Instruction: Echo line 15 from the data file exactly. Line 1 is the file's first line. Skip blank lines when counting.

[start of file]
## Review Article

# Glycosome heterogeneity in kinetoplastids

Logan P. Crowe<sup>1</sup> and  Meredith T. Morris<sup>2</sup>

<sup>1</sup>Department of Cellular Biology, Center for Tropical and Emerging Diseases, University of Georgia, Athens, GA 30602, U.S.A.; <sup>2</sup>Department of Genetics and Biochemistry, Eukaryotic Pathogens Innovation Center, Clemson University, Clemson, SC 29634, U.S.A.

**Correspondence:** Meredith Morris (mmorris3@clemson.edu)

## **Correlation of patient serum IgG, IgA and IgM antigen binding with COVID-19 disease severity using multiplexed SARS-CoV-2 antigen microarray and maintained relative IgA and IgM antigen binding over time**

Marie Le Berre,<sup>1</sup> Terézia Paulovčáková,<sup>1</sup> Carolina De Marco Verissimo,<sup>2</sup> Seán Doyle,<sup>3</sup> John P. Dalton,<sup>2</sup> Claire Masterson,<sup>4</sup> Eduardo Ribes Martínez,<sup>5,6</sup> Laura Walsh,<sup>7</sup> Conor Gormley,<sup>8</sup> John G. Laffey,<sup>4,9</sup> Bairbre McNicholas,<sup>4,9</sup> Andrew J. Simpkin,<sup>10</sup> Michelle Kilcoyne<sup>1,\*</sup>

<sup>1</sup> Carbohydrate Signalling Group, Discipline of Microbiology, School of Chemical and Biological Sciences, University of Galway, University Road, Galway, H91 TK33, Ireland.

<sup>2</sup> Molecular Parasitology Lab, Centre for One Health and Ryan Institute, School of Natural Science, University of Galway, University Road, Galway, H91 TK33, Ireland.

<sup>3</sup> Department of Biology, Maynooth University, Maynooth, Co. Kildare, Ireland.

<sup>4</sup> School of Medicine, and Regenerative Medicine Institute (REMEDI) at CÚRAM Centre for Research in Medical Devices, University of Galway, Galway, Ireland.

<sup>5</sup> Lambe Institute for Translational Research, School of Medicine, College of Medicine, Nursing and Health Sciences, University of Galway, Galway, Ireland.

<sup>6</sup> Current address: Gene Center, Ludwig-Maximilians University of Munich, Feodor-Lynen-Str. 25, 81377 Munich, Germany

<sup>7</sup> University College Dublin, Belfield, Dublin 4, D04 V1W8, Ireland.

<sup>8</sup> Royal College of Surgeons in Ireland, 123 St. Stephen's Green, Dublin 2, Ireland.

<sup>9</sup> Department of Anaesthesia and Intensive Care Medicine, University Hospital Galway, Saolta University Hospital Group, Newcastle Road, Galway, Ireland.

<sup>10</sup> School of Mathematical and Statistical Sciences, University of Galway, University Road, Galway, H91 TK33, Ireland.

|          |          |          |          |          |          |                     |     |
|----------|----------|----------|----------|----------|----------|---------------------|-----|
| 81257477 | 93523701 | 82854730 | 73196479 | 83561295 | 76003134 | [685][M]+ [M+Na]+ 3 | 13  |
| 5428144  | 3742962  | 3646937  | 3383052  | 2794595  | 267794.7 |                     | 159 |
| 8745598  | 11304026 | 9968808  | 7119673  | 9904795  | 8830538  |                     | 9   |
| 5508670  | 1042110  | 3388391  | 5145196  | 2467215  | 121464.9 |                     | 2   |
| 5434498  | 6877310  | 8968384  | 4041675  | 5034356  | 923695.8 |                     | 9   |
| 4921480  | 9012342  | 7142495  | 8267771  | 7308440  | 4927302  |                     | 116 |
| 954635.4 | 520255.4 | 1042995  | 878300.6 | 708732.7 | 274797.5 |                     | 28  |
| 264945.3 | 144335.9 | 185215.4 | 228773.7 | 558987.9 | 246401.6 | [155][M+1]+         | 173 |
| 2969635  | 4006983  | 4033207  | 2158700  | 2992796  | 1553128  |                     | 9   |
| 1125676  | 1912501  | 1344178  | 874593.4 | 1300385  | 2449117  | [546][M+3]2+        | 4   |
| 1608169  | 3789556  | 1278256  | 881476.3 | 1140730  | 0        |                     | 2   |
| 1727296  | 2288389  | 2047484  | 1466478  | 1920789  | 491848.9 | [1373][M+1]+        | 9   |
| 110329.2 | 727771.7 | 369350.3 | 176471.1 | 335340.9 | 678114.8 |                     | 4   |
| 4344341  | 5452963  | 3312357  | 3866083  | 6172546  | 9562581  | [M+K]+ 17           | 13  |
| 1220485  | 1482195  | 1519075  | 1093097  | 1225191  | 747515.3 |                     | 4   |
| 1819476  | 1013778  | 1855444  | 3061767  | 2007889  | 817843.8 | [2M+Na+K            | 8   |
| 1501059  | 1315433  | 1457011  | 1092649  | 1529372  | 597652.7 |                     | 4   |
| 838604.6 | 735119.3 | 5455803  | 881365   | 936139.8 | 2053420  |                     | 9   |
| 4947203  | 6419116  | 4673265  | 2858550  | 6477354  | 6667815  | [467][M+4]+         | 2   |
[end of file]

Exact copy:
<sup>8</sup> Royal College of Surgeons in Ireland, 123 St. Stephen's Green, Dublin 2, Ireland.